• Type inference can be negatively affected. Eg a function with statically resolved type parameter sent to REPL without usage cannot be resolved.
  • Parent functions must be reloaded if a called function is updated.

10: Load entire file. fsharpi --load:Script.fsx Script.fsx must be in the current directory

  • The entire file will be loaded into a namespace of the filename eg Script
  • Reliability is guaranteed as the whole script is reloaded.
  • Requires compiling the entire file each time
  • Useful if execution of the script needs to be controlled/delayed.

11: Load and run entire file. fsharpi --use:Script.fsx Script.fsx must be in the current directory

  • The entire file will be loaded, namespace opened and executed
  • Reliability is guaranteed as the whole script is reloaded.
  • Requires compiling the entire file each time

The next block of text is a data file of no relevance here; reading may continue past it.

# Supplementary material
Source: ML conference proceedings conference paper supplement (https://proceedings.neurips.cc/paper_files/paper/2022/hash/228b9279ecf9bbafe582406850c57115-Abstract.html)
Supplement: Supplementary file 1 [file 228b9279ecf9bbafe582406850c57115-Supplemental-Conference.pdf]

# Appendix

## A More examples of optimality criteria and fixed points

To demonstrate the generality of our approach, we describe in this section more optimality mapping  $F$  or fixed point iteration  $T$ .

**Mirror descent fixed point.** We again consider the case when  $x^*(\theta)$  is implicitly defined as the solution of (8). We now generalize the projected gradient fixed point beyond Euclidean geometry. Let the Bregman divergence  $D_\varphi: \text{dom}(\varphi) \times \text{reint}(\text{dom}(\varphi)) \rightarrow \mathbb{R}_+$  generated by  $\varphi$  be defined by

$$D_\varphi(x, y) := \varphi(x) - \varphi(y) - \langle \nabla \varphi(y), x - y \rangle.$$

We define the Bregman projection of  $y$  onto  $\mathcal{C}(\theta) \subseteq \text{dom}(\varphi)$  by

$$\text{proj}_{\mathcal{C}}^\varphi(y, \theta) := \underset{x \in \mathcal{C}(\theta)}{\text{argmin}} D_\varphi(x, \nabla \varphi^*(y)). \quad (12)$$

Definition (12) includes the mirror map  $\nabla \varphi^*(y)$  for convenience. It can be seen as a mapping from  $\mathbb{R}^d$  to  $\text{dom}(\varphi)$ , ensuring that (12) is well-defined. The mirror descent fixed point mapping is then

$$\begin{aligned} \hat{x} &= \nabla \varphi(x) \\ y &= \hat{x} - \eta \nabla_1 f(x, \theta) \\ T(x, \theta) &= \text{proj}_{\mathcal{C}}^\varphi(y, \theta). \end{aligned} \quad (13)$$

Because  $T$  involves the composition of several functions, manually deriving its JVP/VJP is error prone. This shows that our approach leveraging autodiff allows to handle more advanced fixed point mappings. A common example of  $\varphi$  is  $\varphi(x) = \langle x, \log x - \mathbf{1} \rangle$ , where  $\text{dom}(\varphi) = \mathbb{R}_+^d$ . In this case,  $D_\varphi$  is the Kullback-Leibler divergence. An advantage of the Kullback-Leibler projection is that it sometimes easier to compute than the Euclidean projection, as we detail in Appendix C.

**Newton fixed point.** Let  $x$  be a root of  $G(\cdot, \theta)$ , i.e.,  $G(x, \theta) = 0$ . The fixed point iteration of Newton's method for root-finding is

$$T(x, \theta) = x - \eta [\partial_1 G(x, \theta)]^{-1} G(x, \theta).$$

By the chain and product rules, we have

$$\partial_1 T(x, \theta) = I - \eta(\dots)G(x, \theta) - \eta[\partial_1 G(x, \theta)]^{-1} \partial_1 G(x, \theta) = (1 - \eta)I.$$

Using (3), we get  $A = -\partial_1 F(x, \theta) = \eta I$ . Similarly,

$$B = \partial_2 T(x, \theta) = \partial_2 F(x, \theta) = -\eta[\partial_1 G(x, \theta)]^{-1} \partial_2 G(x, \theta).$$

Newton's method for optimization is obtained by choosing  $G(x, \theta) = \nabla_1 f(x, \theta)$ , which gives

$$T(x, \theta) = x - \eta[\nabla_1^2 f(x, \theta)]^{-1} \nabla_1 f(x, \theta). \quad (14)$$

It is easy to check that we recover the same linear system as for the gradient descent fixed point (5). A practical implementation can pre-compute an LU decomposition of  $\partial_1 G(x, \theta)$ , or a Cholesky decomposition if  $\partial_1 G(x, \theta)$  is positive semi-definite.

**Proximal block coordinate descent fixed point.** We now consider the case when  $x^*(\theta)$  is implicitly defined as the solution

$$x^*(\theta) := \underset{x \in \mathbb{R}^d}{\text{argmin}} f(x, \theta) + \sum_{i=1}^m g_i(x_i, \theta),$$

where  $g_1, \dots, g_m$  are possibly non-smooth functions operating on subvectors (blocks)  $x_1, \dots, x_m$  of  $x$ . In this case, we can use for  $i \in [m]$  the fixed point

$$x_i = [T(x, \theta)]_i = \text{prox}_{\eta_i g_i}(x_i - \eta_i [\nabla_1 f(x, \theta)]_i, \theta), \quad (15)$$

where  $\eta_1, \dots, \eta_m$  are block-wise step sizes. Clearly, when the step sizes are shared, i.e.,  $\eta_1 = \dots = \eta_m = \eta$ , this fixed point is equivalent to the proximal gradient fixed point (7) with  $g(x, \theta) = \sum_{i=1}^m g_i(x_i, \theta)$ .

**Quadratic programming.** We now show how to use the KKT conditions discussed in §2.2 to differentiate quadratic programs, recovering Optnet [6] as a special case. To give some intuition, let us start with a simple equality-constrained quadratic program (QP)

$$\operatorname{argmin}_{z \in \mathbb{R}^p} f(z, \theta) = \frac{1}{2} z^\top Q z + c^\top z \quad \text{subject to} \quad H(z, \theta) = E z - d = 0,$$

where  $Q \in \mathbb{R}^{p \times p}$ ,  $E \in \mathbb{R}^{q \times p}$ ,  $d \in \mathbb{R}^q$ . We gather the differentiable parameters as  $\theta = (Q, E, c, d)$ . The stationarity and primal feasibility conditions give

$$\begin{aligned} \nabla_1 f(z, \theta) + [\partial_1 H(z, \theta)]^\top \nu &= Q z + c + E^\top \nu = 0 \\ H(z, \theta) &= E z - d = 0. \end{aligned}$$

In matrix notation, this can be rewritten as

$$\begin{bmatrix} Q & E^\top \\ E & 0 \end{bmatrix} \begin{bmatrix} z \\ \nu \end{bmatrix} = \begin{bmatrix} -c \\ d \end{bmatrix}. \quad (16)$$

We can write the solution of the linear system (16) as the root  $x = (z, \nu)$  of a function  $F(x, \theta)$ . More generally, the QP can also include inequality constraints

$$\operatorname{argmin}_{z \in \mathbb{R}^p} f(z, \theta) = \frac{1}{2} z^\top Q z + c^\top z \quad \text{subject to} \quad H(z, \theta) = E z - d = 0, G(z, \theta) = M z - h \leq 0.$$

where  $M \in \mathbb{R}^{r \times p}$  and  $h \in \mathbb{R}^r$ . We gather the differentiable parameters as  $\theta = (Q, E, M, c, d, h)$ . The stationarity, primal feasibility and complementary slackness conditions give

UPDATE:

Thanks to Jason Imison for point out the following:

13: Shebang:
– Add the following to the top of the script file: #!/usr/bin/env fsharpi --exec
- Make the file executable:
chmod +x Script.fsx
– Execute: ./Script.fsx

  • Only works on Mac/Linux
  • The entire file will be loaded, namespace opened and executed
  • Reliability is guaranteed as the whole script is reloaded.
  • Requires compiling the entire file each time

Rider: For the sake of completeness

12: By Selection: Shortcut option + enter

  • Will compile and execute the selection
  • One of the fastest methods with the shortcut
  • can be error prone, since the F#er must remember to send earlier code segments
  • type inference can be negatively affected. Eg a function with statically resolved type parameter sent to REPL without usage.
  • Parent functions must be reloaded if a called function is updated.

If a method is missing leave a comment!

  • Robert Nielsen

    I wrote an “F# script reminder” a few years back. It is a bit verbose (on purpose) and might be a bit dated, but I think it is still a useful occasional reminder for Windows power users and developers.
    https://rodhern.wordpress.com/2014/11/15/f-script-reminder/

    • Sam Williams

      Hi Robert, thanks for the comment. Your post is nice complement to this post, as I don’t cover much on windows 🙂